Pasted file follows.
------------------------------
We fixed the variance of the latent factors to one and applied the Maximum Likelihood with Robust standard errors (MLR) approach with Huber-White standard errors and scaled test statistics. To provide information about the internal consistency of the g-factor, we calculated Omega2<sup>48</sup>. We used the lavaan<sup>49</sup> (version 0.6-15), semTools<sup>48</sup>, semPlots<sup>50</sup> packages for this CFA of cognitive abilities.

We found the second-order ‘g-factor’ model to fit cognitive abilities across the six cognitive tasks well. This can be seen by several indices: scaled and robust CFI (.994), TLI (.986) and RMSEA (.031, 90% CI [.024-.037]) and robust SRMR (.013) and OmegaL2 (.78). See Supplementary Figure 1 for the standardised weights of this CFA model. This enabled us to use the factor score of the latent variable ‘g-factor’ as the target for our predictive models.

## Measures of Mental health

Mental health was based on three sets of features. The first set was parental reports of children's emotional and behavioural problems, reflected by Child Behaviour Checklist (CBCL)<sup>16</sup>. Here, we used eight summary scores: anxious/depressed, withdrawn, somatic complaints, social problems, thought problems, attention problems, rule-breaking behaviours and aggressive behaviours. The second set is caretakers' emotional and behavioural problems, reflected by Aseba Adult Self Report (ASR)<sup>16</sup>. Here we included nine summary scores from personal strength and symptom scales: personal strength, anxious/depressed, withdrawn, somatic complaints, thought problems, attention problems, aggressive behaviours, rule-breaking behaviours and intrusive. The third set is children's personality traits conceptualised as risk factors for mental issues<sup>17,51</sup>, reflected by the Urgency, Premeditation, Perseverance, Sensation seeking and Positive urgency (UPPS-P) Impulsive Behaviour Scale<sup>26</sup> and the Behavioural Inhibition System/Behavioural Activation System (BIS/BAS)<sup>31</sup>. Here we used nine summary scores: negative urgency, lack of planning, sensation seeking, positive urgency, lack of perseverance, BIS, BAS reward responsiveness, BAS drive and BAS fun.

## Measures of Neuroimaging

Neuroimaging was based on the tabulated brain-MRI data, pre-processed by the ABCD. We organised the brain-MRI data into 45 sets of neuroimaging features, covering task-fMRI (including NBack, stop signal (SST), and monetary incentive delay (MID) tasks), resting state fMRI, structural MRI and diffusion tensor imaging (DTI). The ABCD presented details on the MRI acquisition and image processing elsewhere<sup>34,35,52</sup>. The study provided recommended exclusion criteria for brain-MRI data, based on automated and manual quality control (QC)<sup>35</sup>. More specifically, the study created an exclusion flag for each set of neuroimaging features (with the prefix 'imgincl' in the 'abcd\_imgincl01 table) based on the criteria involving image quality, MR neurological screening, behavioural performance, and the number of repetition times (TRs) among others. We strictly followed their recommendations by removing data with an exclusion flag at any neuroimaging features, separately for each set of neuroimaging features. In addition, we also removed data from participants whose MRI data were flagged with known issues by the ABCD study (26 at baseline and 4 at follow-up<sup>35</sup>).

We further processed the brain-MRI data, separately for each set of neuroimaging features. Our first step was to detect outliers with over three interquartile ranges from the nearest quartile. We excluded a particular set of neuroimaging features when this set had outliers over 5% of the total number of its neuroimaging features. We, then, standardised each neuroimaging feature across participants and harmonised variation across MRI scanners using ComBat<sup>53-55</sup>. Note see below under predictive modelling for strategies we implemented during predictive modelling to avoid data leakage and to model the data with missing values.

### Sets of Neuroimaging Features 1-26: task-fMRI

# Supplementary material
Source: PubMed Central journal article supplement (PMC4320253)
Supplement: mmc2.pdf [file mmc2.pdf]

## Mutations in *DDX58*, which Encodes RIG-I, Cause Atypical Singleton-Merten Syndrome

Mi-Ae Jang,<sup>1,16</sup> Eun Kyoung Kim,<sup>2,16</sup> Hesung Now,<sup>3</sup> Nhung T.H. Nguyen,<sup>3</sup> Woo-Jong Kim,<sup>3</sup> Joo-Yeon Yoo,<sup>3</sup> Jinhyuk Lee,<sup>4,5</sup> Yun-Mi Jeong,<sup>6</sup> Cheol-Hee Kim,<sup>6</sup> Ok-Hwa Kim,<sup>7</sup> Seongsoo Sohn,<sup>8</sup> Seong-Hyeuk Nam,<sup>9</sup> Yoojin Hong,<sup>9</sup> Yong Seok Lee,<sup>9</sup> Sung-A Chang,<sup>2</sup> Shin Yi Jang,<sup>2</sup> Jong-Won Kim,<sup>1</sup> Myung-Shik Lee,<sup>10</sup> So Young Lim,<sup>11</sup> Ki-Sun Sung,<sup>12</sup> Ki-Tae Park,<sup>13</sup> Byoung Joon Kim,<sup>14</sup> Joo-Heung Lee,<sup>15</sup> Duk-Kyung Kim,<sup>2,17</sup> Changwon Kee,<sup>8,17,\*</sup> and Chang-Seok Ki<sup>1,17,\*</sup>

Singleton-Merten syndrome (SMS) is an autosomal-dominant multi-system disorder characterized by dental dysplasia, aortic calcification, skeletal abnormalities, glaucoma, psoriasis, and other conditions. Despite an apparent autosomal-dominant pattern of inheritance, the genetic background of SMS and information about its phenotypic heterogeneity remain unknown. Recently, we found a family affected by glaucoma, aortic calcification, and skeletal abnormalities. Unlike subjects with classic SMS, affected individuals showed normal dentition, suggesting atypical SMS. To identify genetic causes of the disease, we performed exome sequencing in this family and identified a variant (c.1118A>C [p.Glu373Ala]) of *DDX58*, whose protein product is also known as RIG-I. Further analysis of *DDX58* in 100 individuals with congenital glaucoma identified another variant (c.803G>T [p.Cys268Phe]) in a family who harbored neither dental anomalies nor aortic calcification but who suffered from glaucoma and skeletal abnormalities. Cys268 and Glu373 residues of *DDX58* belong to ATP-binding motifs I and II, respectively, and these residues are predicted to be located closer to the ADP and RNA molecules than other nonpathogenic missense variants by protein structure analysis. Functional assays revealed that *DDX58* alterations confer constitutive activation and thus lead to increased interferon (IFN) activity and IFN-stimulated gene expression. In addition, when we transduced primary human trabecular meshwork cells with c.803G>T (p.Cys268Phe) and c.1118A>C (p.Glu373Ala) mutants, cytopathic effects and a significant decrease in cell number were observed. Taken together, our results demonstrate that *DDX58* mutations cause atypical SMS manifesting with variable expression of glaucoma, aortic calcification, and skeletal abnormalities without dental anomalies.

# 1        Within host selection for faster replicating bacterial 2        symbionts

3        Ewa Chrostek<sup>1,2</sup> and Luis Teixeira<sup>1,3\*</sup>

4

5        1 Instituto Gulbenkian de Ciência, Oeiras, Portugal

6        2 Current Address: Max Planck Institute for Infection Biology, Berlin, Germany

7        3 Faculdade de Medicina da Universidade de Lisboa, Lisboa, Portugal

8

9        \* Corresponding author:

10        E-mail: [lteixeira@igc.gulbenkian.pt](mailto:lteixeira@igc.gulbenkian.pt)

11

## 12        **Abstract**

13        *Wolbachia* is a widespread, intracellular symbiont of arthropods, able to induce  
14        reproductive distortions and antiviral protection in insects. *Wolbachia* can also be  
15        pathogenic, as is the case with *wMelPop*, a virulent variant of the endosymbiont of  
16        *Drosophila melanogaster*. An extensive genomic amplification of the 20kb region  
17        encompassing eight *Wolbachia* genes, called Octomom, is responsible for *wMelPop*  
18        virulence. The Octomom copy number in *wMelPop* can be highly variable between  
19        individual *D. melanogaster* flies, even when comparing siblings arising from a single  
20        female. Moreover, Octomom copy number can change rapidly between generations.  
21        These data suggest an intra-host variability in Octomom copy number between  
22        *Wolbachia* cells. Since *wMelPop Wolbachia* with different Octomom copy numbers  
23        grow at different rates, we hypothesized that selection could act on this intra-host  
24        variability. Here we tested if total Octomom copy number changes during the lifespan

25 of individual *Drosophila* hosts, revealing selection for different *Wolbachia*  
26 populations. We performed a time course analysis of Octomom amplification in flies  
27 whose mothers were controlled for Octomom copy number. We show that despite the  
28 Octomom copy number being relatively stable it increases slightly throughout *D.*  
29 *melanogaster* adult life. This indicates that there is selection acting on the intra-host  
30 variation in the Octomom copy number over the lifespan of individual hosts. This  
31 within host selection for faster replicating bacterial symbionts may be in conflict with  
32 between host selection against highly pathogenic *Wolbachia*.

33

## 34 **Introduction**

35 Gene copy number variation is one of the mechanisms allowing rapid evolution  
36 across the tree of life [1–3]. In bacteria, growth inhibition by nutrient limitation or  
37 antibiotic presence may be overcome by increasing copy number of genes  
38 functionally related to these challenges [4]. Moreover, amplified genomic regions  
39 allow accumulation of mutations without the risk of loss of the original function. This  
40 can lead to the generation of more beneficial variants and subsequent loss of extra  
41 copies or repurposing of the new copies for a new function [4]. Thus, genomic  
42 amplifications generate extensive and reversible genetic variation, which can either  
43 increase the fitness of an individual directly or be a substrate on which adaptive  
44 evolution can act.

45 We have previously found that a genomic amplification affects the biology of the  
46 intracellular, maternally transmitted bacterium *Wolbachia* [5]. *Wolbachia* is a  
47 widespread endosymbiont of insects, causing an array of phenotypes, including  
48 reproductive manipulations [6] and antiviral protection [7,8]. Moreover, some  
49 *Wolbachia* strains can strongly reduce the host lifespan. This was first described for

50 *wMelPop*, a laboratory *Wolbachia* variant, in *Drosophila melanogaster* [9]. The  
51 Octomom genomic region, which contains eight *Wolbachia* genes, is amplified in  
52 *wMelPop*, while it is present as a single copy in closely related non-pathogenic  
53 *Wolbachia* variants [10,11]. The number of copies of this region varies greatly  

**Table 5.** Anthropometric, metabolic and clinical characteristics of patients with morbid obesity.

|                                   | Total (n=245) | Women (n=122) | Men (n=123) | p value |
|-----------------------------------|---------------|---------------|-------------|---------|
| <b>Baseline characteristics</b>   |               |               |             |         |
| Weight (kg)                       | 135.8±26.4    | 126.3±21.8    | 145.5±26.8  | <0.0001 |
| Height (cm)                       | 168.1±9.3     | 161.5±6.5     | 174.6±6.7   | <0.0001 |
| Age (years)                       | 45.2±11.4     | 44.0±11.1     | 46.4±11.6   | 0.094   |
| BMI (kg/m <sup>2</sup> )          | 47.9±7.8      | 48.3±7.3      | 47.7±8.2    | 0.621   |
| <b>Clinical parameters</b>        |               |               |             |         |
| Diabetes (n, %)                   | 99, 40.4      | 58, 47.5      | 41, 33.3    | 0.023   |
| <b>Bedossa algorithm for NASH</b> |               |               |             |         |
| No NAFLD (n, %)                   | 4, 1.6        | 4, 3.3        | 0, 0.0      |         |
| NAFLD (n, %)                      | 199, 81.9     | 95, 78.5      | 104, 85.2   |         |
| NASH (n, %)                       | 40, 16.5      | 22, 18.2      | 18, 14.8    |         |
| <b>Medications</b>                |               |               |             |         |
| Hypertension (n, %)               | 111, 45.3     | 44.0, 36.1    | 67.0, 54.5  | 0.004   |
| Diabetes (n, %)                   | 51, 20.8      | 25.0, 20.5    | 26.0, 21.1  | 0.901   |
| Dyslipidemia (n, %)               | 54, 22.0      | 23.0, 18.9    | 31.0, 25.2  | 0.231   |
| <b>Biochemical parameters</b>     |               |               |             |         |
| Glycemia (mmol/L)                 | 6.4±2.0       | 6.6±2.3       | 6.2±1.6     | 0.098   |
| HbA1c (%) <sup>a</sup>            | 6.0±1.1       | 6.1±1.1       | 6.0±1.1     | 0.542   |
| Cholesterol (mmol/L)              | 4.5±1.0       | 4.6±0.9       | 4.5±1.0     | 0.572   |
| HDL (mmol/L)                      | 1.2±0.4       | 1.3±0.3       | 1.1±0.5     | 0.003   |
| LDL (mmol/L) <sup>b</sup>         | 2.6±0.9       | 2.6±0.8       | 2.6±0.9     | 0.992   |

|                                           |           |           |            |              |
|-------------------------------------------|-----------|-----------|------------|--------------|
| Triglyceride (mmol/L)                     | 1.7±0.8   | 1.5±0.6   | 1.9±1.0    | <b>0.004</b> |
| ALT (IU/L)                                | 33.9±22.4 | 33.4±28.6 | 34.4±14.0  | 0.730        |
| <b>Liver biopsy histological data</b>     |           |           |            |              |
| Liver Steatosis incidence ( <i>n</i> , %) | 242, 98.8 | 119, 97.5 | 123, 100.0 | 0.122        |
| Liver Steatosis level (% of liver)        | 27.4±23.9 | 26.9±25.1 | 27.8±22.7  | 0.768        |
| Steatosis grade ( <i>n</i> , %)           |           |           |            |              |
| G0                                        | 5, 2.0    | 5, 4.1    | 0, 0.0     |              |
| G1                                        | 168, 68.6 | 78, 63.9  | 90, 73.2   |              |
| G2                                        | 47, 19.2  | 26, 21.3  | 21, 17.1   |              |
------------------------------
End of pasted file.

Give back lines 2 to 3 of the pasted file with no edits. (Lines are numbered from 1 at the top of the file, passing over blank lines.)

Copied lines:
We found the second-order ‘g-factor’ model to fit cognitive abilities across the six cognitive tasks well. This can be seen by several indices: scaled and robust CFI (.994), TLI (.986) and RMSEA (.031, 90% CI [.024-.037]) and robust SRMR (.013) and OmegaL2 (.78). See Supplementary Figure 1 for the standardised weights of this CFA model. This enabled us to use the factor score of the latent variable ‘g-factor’ as the target for our predictive models.

## Measures of Mental health